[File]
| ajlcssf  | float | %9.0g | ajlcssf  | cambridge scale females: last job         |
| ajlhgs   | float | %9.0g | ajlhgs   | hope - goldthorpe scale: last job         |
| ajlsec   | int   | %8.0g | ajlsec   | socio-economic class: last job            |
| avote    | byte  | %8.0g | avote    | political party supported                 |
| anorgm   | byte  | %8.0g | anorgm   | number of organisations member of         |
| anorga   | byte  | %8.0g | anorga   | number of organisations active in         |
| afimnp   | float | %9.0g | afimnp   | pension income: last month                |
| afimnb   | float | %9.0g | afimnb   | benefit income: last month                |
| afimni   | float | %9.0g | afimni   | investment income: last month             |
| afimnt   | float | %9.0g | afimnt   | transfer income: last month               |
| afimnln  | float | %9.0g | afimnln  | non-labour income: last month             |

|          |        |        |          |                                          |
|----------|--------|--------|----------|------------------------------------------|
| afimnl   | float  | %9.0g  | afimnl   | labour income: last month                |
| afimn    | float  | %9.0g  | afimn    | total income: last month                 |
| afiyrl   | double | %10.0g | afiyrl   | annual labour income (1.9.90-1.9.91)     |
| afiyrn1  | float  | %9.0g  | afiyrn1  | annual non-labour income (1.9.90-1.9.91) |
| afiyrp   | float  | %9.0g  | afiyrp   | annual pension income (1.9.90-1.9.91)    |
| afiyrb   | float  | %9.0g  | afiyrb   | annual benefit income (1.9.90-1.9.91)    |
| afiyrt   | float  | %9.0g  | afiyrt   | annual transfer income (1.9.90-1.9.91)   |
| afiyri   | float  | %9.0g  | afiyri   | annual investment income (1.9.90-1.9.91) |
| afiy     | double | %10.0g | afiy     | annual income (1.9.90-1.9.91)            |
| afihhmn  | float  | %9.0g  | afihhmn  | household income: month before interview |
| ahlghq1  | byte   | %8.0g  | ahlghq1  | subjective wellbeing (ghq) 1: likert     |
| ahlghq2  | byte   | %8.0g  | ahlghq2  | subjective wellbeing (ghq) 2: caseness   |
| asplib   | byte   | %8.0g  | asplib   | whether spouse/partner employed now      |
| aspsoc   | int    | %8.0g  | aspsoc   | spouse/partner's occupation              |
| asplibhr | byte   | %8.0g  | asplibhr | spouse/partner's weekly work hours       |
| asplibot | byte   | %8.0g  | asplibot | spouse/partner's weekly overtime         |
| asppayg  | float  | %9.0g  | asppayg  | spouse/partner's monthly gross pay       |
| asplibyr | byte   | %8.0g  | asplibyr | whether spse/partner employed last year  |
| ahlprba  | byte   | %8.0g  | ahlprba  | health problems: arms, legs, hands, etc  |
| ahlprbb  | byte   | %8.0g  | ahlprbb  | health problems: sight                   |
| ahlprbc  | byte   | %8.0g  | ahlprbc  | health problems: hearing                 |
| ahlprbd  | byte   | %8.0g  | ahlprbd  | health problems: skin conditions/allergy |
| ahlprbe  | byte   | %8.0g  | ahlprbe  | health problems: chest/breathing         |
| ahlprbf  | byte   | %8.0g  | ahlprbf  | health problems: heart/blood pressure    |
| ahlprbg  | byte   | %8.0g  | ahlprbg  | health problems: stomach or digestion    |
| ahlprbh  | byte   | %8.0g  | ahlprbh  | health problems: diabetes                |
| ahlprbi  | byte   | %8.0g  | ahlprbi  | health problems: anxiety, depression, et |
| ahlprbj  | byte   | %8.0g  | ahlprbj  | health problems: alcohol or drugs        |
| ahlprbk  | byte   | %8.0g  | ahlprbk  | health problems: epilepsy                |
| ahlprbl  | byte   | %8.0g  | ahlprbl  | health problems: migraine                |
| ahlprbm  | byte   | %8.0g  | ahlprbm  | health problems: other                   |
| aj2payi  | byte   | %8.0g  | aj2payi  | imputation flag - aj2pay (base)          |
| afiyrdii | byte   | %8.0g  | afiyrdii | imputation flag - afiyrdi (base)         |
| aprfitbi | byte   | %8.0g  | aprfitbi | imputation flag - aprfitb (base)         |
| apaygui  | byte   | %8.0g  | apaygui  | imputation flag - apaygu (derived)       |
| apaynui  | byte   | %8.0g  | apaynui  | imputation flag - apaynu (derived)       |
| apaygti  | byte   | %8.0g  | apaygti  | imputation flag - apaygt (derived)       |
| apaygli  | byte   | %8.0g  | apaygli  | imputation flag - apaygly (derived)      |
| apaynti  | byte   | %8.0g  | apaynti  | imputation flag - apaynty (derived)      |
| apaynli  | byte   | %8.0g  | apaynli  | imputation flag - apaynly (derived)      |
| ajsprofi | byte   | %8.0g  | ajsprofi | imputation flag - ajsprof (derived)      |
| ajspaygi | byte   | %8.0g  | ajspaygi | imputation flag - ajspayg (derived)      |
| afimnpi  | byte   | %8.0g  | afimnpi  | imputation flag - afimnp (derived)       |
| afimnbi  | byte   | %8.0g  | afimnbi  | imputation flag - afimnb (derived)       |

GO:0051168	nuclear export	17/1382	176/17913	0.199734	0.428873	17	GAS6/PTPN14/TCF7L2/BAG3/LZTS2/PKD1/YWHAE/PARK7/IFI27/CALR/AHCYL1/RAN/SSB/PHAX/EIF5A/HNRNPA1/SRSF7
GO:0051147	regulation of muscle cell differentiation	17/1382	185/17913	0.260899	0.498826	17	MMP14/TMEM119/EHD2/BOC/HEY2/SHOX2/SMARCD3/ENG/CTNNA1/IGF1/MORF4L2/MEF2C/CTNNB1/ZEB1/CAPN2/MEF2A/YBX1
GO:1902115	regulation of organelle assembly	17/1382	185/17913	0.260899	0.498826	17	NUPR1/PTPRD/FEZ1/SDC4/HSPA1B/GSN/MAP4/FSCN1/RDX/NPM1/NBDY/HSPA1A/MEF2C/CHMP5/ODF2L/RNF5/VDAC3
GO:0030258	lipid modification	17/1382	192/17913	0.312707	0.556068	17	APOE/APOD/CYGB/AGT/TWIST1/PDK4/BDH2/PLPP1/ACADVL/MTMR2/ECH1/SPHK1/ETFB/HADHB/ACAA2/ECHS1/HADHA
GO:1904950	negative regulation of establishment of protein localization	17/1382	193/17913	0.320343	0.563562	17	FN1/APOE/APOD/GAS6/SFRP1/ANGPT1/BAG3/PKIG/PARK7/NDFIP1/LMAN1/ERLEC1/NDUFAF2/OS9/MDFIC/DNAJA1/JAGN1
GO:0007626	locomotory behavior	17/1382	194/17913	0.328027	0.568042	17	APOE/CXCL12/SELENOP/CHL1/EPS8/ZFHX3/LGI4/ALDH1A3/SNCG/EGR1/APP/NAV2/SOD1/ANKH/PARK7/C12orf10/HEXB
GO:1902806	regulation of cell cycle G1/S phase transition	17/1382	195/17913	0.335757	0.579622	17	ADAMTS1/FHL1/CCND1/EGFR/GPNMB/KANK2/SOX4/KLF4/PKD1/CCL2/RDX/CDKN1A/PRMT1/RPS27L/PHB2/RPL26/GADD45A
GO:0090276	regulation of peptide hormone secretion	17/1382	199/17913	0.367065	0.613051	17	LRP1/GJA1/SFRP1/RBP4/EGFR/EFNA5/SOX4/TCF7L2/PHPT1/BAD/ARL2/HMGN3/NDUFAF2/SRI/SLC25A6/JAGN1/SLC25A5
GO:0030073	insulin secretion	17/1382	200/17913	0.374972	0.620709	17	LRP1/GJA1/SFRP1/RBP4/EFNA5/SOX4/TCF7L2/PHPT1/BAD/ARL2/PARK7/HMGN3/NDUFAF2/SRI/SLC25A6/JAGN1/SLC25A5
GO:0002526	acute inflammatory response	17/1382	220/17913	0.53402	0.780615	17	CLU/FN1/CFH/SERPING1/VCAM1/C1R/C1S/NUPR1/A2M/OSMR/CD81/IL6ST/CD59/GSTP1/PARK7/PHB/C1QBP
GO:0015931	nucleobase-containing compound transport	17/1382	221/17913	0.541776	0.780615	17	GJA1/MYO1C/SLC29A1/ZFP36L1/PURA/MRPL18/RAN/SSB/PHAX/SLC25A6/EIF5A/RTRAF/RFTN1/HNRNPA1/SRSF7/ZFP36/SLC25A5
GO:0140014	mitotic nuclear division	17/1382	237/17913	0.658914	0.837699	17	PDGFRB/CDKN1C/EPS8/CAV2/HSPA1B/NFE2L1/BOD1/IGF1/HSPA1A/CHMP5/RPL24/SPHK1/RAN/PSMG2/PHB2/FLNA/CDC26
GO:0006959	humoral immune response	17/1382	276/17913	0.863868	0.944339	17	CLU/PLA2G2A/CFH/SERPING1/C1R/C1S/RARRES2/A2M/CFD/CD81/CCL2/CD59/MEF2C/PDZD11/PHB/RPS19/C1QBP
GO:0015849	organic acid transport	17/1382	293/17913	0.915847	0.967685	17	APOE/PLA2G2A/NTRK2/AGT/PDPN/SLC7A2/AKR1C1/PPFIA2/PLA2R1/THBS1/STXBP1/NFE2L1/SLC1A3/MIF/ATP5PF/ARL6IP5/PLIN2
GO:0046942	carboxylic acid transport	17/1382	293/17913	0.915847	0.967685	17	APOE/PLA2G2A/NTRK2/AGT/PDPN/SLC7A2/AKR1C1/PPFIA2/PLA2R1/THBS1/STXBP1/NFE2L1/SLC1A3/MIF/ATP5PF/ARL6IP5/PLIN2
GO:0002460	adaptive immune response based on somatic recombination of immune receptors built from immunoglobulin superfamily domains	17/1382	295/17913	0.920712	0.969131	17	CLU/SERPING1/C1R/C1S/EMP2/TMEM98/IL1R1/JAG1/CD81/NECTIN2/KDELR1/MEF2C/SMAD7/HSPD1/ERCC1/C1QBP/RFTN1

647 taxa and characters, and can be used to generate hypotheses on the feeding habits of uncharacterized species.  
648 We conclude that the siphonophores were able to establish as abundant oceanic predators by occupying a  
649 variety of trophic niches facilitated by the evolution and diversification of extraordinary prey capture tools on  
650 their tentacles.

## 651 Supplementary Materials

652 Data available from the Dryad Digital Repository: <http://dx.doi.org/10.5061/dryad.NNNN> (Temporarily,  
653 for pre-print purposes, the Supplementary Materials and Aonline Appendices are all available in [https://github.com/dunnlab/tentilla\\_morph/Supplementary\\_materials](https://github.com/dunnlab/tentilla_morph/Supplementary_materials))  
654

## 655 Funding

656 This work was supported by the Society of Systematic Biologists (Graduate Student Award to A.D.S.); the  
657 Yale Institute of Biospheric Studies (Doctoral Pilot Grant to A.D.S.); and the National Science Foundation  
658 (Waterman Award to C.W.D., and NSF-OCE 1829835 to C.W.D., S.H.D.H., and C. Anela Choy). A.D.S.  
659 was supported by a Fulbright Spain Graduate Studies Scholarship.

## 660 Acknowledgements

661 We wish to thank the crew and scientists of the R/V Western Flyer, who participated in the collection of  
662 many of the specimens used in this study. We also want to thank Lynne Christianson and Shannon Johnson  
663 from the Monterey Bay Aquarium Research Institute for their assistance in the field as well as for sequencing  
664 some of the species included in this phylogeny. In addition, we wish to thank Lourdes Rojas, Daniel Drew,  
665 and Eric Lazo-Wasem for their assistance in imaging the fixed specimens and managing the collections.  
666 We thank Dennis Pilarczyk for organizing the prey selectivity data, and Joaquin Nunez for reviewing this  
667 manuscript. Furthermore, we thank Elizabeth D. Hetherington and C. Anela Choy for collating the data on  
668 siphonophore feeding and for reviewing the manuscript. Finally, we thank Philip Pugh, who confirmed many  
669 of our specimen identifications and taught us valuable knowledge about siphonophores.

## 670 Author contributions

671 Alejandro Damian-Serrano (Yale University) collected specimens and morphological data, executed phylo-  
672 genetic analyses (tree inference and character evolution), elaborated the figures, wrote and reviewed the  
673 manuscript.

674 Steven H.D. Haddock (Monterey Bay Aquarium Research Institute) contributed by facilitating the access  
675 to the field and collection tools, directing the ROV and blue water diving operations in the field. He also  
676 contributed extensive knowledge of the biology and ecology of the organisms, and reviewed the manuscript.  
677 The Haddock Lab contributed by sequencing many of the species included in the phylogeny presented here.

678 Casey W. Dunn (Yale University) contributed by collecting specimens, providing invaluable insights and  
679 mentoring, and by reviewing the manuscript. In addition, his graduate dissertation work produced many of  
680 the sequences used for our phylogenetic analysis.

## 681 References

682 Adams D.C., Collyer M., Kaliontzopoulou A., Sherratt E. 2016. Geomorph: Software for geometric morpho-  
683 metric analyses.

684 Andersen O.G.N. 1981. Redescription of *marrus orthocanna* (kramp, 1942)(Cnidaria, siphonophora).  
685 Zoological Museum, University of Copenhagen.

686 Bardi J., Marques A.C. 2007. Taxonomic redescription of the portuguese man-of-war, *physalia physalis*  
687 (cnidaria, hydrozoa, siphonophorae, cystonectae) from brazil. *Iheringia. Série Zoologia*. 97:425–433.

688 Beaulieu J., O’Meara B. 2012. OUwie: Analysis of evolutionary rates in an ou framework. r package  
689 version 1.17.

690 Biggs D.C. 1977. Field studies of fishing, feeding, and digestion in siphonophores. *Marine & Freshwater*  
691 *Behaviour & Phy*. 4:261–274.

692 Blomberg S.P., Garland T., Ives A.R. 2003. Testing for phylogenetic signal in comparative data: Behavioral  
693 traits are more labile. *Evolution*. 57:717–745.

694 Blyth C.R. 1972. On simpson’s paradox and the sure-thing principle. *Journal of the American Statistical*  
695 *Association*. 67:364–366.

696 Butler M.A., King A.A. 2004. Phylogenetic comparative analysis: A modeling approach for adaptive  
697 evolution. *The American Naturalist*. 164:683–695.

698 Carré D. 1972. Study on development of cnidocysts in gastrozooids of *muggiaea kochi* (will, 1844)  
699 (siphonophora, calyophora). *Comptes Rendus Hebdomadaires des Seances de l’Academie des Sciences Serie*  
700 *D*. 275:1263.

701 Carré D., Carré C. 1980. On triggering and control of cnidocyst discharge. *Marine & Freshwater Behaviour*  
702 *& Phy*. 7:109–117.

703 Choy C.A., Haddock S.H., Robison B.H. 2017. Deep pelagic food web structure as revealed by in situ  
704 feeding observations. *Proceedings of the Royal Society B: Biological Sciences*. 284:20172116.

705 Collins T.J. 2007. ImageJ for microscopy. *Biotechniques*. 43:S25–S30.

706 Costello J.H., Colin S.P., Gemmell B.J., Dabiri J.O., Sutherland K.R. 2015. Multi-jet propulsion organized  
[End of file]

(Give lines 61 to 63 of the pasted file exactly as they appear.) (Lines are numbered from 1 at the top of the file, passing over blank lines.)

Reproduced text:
GO:0030258	lipid modification	17/1382	192/17913	0.312707	0.556068	17	APOE/APOD/CYGB/AGT/TWIST1/PDK4/BDH2/PLPP1/ACADVL/MTMR2/ECH1/SPHK1/ETFB/HADHB/ACAA2/ECHS1/HADHA
GO:1904950	negative regulation of establishment of protein localization	17/1382	193/17913	0.320343	0.563562	17	FN1/APOE/APOD/GAS6/SFRP1/ANGPT1/BAG3/PKIG/PARK7/NDFIP1/LMAN1/ERLEC1/NDUFAF2/OS9/MDFIC/DNAJA1/JAGN1
GO:0007626	locomotory behavior	17/1382	194/17913	0.328027	0.568042	17	APOE/CXCL12/SELENOP/CHL1/EPS8/ZFHX3/LGI4/ALDH1A3/SNCG/EGR1/APP/NAV2/SOD1/ANKH/PARK7/C12orf10/HEXB